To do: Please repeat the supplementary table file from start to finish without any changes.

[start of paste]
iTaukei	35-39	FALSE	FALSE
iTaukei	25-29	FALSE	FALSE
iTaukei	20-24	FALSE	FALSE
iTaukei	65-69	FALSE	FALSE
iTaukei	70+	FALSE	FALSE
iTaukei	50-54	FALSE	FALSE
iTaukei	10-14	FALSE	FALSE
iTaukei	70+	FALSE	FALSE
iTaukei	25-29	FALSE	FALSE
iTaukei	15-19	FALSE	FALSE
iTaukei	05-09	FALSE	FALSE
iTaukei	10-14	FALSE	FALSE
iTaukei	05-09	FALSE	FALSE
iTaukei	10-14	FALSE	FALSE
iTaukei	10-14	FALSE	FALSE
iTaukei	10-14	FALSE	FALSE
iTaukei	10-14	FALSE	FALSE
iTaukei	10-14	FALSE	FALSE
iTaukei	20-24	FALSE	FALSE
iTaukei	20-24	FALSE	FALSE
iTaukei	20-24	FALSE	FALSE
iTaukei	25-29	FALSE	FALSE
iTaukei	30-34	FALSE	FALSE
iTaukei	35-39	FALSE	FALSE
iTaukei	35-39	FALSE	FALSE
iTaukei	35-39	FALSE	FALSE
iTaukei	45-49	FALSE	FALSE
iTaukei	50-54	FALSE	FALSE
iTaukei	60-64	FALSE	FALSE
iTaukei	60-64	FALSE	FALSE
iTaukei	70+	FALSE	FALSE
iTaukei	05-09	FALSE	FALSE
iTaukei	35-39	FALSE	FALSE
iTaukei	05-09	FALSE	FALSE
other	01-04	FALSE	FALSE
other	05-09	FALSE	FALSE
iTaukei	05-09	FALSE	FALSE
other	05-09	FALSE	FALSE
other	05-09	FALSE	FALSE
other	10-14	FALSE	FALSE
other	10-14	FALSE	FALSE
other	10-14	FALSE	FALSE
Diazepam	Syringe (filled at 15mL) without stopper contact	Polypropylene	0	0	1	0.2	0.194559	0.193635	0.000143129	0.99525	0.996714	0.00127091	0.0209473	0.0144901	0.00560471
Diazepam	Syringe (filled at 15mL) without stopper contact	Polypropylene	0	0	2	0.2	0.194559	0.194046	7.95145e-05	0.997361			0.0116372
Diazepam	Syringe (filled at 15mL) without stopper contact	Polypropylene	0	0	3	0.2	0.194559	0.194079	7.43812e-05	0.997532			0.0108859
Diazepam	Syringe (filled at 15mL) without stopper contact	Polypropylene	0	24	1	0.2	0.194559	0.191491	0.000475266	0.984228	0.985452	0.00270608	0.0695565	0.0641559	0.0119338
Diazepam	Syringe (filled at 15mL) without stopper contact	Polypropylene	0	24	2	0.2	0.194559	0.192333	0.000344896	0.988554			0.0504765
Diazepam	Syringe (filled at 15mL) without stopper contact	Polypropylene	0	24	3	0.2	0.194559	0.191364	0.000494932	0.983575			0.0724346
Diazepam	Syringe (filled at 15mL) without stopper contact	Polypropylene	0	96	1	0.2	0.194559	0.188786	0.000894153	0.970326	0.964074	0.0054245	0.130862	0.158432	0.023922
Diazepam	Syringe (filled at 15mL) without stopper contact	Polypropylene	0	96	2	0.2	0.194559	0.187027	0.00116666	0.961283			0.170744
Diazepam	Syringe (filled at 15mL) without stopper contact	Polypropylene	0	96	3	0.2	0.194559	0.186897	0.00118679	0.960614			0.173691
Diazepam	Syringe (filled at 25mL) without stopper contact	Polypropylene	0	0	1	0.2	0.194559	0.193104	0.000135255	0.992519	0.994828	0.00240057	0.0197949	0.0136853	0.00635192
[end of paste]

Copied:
iTaukei	35-39	FALSE	FALSE
iTaukei	25-29	FALSE	FALSE
iTaukei	20-24	FALSE	FALSE
iTaukei	65-69	FALSE	FALSE
iTaukei	70+	FALSE	FALSE
iTaukei	50-54	FALSE	FALSE
iTaukei	10-14	FALSE	FALSE
iTaukei	70+	FALSE	FALSE
iTaukei	25-29	FALSE	FALSE
iTaukei	15-19	FALSE	FALSE
iTaukei	05-09	FALSE	FALSE
iTaukei	10-14	FALSE	FALSE
iTaukei	05-09	FALSE	FALSE
iTaukei	10-14	FALSE	FALSE
iTaukei	10-14	FALSE	FALSE
iTaukei	10-14	FALSE	FALSE
iTaukei	10-14	FALSE	FALSE
iTaukei	10-14	FALSE	FALSE
iTaukei	20-24	FALSE	FALSE
iTaukei	20-24	FALSE	FALSE
iTaukei	20-24	FALSE	FALSE
iTaukei	25-29	FALSE	FALSE
iTaukei	30-34	FALSE	FALSE
iTaukei	35-39	FALSE	FALSE
iTaukei	35-39	FALSE	FALSE
iTaukei	35-39	FALSE	FALSE
iTaukei	45-49	FALSE	FALSE
iTaukei	50-54	FALSE	FALSE
iTaukei	60-64	FALSE	FALSE
iTaukei	60-64	FALSE	FALSE
iTaukei	70+	FALSE	FALSE
iTaukei	05-09	FALSE	FALSE
iTaukei	35-39	FALSE	FALSE
iTaukei	05-09	FALSE	FALSE
other	01-04	FALSE	FALSE
other	05-09	FALSE	FALSE
iTaukei	05-09	FALSE	FALSE
other	05-09	FALSE	FALSE
other	05-09	FALSE	FALSE
other	10-14	FALSE	FALSE
other	10-14	FALSE	FALSE
other	10-14	FALSE	FALSE
Diazepam	Syringe (filled at 15mL) without stopper contact	Polypropylene	0	0	1	0.2	0.194559	0.193635	0.000143129	0.99525	0.996714	0.00127091	0.0209473	0.0144901	0.00560471
Diazepam	Syringe (filled at 15mL) without stopper contact	Polypropylene	0	0	2	0.2	0.194559	0.194046	7.95145e-05	0.997361			0.0116372
Diazepam	Syringe (filled at 15mL) without stopper contact	Polypropylene	0	0	3	0.2	0.194559	0.194079	7.43812e-05	0.997532			0.0108859
Diazepam	Syringe (filled at 15mL) without stopper contact	Polypropylene	0	24	1	0.2	0.194559	0.191491	0.000475266	0.984228	0.985452	0.00270608	0.0695565	0.0641559	0.0119338
Diazepam	Syringe (filled at 15mL) without stopper contact	Polypropylene	0	24	2	0.2	0.194559	0.192333	0.000344896	0.988554			0.0504765
Diazepam	Syringe (filled at 15mL) without stopper contact	Polypropylene	0	24	3	0.2	0.194559	0.191364	0.000494932	0.983575			0.0724346
Diazepam	Syringe (filled at 15mL) without stopper contact	Polypropylene	0	96	1	0.2	0.194559	0.188786	0.000894153	0.970326	0.964074	0.0054245	0.130862	0.158432	0.023922
Diazepam	Syringe (filled at 15mL) without stopper contact	Polypropylene	0	96	2	0.2	0.194559	0.187027	0.00116666	0.961283			0.170744
Diazepam	Syringe (filled at 15mL) without stopper contact	Polypropylene	0	96	3	0.2	0.194559	0.186897	0.00118679	0.960614			0.173691
Diazepam	Syringe (filled at 25mL) without stopper contact	Polypropylene	0	0	1	0.2	0.194559	0.193104	0.000135255	0.992519	0.994828	0.00240057	0.0197949	0.0136853	0.00635192